• 30 - Multimedia Learning with Simulations and Microworlds
    pp 729-761
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    This chapter examines ways in which technology can provide a medium for innovative design and the delivery of instruction that can result in new ways of learning and high levels of student engagement. Scaffolding can be a cognitive support for problem solving or motivational support to help learners realize their potential. BioWorld is a technology-rich learning environment designed to support medical students as they develop clinical reasoning skills. As stated earlier, the educational platforms are varied; they include pedagogical agents that serve as intelligent virtual tutors that employ language, facial expressions, and gestures to create effective learning experiences; simulation-based environments for promoting team effectiveness in trauma units; multimedia game environments to promote reasoning; virtual reality to provide immersive learning experiences; communication based video technologies to promote cross-cultural and cross-disciplinary teaching experiences; and social networking tools that are reusable for creating new knowledge.
  • 31 - Multimedia Learning with Computer Games
    pp 762-784
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    This chapter focuses on defining and illustrating multimedia learning of metacognitive strategies, and reviews the empirical literature on multimedia learning of metacognitive strategies. It provides suggestions for augmenting contemporary cognitive theories of multimedia learning, proposes empirically based principles for designing multimedia environments aimed at fostering metacognitive strategies, and recommends several areas for future research. The chapter specifies self-regulated learning (SRL) as a concept superordinate to metacognition that incorporates both metacognitive monitoring (i.e., knowledge of cognition or metacognitive knowledge) and metacognitive control, as well as processes related to manipulating contextual conditions and planning for future activities within a learning episode. More research on multimedia learning of metacognitive strategies is needed to determine the optimal length of various phases of training programs and their effectiveness in laboratory versus real-world settings, as well as the retention and transfer of strategies to other domains and computer-based learning environments (CBLEs).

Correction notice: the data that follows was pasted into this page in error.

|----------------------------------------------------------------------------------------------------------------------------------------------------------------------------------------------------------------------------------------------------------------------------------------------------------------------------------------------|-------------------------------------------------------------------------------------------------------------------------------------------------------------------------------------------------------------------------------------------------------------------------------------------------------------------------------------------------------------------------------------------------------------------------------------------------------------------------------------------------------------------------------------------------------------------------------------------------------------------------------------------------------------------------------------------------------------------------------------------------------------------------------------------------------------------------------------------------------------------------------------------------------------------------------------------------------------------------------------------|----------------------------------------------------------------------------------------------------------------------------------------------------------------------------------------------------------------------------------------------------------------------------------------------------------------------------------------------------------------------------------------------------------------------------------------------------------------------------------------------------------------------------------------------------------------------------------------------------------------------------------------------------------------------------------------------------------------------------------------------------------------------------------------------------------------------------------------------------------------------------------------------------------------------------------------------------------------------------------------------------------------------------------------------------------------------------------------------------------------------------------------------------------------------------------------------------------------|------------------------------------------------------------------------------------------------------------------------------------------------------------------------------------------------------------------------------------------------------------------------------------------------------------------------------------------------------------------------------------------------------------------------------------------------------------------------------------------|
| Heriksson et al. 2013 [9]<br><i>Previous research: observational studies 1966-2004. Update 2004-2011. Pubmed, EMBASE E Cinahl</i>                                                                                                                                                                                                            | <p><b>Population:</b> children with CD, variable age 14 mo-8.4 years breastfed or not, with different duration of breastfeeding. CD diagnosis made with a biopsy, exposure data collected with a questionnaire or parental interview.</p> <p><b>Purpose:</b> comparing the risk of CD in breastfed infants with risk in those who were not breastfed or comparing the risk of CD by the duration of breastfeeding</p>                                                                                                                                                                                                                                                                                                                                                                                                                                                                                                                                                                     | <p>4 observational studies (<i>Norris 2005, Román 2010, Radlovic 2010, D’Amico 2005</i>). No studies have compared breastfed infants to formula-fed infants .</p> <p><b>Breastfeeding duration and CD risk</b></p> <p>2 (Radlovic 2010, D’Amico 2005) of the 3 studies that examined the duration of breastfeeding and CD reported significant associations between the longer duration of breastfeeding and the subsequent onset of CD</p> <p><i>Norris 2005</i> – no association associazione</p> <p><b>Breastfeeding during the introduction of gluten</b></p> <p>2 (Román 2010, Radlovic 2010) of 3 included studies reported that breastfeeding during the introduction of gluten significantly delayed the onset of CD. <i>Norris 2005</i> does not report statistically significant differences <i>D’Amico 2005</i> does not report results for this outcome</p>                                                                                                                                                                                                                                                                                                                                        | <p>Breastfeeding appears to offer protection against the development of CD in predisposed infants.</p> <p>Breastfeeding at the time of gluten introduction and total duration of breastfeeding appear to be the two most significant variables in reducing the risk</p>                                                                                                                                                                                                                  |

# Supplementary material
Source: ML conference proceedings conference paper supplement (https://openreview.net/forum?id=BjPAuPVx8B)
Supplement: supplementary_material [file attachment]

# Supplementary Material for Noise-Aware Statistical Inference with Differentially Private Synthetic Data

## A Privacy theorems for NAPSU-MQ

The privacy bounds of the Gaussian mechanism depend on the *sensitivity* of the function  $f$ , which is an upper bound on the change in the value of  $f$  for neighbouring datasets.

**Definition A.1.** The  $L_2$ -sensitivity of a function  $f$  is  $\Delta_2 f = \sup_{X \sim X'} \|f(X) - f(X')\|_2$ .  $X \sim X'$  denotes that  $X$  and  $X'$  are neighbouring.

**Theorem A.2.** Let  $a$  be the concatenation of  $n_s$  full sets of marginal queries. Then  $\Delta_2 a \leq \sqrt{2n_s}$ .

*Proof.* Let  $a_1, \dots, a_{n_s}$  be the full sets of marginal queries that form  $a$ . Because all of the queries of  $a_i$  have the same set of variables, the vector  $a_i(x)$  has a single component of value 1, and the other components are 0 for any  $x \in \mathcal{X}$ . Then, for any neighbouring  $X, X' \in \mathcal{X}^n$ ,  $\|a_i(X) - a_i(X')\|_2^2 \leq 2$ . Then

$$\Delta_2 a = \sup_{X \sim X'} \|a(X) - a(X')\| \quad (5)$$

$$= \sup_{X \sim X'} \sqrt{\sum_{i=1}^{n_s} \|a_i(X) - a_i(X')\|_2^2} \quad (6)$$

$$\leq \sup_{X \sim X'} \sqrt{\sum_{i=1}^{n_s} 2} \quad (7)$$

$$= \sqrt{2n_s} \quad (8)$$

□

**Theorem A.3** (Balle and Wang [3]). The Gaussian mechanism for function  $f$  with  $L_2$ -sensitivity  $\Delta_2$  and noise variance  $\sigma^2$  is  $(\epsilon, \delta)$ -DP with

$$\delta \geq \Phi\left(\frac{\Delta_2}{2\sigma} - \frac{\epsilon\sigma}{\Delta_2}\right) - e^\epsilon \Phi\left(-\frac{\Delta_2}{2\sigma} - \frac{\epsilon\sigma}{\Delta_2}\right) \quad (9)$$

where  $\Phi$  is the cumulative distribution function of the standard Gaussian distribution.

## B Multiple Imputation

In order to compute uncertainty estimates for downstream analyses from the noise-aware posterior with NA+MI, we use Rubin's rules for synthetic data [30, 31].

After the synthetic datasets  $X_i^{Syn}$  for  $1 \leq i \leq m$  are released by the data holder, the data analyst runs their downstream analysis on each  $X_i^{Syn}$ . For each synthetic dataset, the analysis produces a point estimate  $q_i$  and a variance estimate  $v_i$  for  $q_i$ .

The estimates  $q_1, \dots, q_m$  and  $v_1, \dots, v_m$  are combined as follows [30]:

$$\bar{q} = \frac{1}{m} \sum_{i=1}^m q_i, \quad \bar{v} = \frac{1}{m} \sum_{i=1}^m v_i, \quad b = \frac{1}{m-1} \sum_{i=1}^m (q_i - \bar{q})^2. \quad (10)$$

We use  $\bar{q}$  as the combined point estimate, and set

• 32 - Multimedia Learning with Video
    pp 785-812
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    This chapter reviews the literature on comprehension of media-based presentations to develop mental models of physical systems. It examines the representations and cognitive processes involved in understanding media-based presentations, the abilities and skills on which this understanding depends, and the effectiveness of different media for communicating different types of content. In reviewing how people construct mental models from media, it considers how people learn about the structure and functioning of physical systems from visual-spatial representations alone, including static and animated diagrams, and later reviews how they learn from combinations of visual-spatial and verbal representations. Iconic static diagrams can be effective for communicating the static structure of a system and can also be the basis for mental animation. Traditional print media, that is, static diagrams accompanied by text, can provide highly effective external representations to aid the development of mental models of dynamic systems.
  • 34 - Multimedia Learning in e-Courses
    pp 842-882
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    This chapter provides a systematic analysis of the links between intelligent tutoring systems (ITS) and multimedia, and identifies the multimedia elements that are used by different ITS applications. It discusses the implications of ITS findings for cognitive theory and instructional design, identifies limitations of existing research, and provides some directions for the future. Problem-solving tutors typically use a mixture of text and graphic media. Simulation-based ITS remain popular, particularly for tasks that are tightly linked to an operational environment, such as power plants, aviation, or military exercises. Game-based tutoring systems make use of the widest range of media to present content, especially those that combine elements from natural language tutors and simulation-based tutors. Research on advanced learning environments has investigated multimedia factors that have obvious links to deeper levels of cognition, such as feedback, learner control, and generation of information, interactivity, reflection, animation, simulation, and affect.